On Thu, 6 May 2004 14:39:01 +1000, "Cameron Dorrough"

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Consider a simplified network:
Host A, Control Network | firewall | "Buffer" network | firewall | Business network, Host B | firewall | Internet
Suppose, also, that the only destination TCP/IP port on which, a connection between hosts A and B is possible, is 502 (openmodbus). Then, even host B is infected, there will be no communication means that would propagate the virus/worm to host A except the allowed port 502. This doesn't preclude infection/exploit if the software running on this port is buggy. However, genegic exploits targeting operating system vulnerabilities are more common than those targeting specific control software. It is quite desirable to disable port 502 as well as other unused port on the firewall between the Internet and the business network. Any technical security measures should not be considered as a panacea for viruses and other type of disruptions. Just think of a situation when an employee plugs a laptop into the control network and establishes a dial-up connection elsewhere or simply brings a CD with an infected game to play on the DCS host computer.
Andrey
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Martin wrote:

Yo Martin,
you are DEAD_WRONG. When windoz machines get hacked, the perps can do whatever they want with windoz

The best thing is to use a firewall(or two, that are DIFFERENT than the firewall technology used by your MIS dept on the internet/WAN side or your operation. Otherwise hackers, once inside, know exactly how to get past your defenses, if you use identical firewall technology.

YEP, I alway recommend a separate network for machines. If fact when I design and build networks for machines, no stupid human stuff, like DNS, is used. Machines do not need DNS, humans use DNS. DNS is a HUGE security hole, on ALL Microsoft networks, and even many unix based networks.
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Martin,
From what I understadn youinstall two network cards into a PC , one connected to a business network and the otehr connected to the process controls network. Does this still leave the network open to virus treats if infected? How is this better than a router?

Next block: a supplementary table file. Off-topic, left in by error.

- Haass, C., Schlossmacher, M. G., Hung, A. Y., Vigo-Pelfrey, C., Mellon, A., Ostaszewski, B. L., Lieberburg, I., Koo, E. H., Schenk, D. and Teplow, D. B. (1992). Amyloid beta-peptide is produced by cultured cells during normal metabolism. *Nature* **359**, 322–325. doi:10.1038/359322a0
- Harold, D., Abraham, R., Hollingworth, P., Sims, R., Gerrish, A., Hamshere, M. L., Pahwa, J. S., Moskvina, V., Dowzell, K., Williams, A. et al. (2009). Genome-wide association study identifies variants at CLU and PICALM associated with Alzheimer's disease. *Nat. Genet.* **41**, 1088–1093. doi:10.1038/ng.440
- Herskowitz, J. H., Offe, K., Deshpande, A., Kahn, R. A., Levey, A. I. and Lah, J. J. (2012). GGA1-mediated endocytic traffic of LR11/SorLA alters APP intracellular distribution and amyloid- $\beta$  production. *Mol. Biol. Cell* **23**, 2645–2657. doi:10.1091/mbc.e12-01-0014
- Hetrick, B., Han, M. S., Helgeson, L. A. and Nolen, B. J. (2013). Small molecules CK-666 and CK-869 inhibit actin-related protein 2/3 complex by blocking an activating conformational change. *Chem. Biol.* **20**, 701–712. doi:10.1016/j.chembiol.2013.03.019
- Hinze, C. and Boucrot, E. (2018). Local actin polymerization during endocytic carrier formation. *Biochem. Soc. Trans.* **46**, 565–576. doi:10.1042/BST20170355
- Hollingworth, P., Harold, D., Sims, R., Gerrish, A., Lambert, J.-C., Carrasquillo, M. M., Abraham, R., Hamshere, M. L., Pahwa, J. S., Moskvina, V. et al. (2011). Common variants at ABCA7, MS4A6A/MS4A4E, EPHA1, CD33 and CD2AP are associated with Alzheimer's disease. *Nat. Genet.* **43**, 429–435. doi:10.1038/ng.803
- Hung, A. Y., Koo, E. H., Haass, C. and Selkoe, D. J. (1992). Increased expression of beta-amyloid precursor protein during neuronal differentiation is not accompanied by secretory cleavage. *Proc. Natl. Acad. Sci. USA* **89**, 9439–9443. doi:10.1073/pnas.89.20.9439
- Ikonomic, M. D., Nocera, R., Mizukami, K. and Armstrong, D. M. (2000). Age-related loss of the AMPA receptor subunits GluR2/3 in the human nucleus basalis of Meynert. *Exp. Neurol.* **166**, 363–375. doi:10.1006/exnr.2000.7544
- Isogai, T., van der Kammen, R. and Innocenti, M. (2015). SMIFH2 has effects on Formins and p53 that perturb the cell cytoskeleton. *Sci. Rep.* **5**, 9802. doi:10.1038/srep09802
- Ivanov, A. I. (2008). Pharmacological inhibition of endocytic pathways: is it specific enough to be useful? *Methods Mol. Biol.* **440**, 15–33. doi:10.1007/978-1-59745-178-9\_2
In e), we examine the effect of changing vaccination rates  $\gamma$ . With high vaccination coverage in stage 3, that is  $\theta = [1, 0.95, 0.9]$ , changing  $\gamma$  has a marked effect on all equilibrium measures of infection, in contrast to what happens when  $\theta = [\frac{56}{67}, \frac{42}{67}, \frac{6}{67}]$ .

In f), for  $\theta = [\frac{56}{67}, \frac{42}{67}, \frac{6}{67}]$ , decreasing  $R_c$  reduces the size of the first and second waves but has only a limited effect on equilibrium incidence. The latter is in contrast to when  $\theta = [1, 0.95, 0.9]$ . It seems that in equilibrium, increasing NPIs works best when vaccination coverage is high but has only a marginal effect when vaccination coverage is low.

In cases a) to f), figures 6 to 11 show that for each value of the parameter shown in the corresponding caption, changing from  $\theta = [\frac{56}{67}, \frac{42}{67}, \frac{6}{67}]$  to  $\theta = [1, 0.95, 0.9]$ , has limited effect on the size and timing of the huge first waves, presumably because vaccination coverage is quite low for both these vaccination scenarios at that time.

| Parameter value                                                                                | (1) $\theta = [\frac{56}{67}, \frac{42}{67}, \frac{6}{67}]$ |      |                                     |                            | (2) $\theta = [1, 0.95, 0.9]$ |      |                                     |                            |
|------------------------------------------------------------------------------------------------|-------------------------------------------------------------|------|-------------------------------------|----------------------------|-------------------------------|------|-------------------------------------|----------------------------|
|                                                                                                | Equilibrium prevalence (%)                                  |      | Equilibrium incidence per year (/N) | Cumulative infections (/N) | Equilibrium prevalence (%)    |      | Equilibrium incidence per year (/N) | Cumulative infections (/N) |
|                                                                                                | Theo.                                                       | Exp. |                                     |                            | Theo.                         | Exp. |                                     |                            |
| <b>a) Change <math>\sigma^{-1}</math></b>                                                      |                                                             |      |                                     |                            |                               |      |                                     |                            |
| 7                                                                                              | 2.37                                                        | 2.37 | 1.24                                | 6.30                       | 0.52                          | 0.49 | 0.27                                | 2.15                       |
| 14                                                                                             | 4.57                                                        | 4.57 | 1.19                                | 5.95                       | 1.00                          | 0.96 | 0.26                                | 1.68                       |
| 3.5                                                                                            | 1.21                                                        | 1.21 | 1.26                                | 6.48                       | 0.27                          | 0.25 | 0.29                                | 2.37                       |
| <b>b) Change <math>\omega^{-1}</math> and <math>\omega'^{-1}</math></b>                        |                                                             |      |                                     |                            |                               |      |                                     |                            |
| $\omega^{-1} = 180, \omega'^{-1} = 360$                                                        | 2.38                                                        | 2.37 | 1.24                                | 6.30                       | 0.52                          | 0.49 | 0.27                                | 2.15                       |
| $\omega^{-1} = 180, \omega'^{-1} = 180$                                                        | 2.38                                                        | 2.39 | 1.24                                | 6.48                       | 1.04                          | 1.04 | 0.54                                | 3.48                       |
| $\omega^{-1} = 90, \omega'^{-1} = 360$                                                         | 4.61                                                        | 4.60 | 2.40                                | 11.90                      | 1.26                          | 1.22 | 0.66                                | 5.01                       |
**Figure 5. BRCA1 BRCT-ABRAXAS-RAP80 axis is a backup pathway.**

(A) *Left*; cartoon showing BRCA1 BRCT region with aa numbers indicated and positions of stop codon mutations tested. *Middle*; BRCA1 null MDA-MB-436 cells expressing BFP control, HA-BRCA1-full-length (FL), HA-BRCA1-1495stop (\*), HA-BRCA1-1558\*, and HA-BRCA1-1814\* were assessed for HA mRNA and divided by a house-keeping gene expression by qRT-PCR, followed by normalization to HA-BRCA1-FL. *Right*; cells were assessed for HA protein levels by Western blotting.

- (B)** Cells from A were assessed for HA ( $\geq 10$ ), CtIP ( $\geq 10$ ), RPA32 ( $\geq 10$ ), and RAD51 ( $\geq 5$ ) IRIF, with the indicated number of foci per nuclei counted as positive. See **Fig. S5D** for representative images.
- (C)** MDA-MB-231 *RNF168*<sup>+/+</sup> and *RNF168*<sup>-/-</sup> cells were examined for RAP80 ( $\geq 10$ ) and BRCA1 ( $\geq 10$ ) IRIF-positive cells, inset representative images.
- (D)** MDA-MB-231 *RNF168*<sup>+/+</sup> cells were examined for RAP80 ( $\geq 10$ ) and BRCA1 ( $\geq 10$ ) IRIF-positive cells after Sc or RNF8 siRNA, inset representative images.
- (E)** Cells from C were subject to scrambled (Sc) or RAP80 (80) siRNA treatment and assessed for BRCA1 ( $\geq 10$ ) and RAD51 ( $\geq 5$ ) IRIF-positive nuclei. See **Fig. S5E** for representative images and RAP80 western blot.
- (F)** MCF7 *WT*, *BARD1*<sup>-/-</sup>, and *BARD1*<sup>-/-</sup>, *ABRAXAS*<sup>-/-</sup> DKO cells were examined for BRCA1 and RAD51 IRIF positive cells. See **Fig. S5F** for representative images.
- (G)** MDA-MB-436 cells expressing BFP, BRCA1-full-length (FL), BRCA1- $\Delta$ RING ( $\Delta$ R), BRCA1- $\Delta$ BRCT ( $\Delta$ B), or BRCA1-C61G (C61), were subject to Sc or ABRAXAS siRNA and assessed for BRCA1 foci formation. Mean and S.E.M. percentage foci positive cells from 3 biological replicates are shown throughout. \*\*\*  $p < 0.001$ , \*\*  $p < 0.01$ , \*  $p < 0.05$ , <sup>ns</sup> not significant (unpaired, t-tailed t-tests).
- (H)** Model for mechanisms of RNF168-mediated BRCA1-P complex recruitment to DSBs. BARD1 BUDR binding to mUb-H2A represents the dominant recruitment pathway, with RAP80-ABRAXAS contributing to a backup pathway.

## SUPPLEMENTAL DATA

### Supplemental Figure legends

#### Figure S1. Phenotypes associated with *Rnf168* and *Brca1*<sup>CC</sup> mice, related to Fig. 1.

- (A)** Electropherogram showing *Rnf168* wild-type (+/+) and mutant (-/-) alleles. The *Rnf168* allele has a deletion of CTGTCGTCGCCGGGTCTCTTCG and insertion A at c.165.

wrote:

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Yes, it leaves it open to a virus and, no, it's no better than a router. I didn't fully undersatnd that before reading this thread.
The reason we put two NICS in is to isolate the traffic on the two networks from one another - much the same as a router does but cheaper (one less piece of hardware).
But, if a virus comes in on either network, it going to be able to propagate on to "other" network. Anti-virus software is probably the best thing to fight that with.

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Kim wrote:

The point is that this PC with two NIC's in it should be set up only as a Firewall and Router and nothing else. For a business setting you may as well buy firewall router boxes unless you happen to be overflowing at the ears with unwanted PC's and NIC's.
Go read up on networking topologies and routing strategies in the book I reccommended a few posts back.
--
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Paul E. Bennett ....................<email://peb@a...>
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Kim wrote:

Cisco and Netgear (and probably a number of others) do Routers that, when configured properly, may have helped to prevent the spread of the virus to the whole network (mainly by limiting the portals traffic to specified users only).
--
********************************************************************
Paul E. Bennett ....................<email://peb@a...>
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@austarnet.com.au says...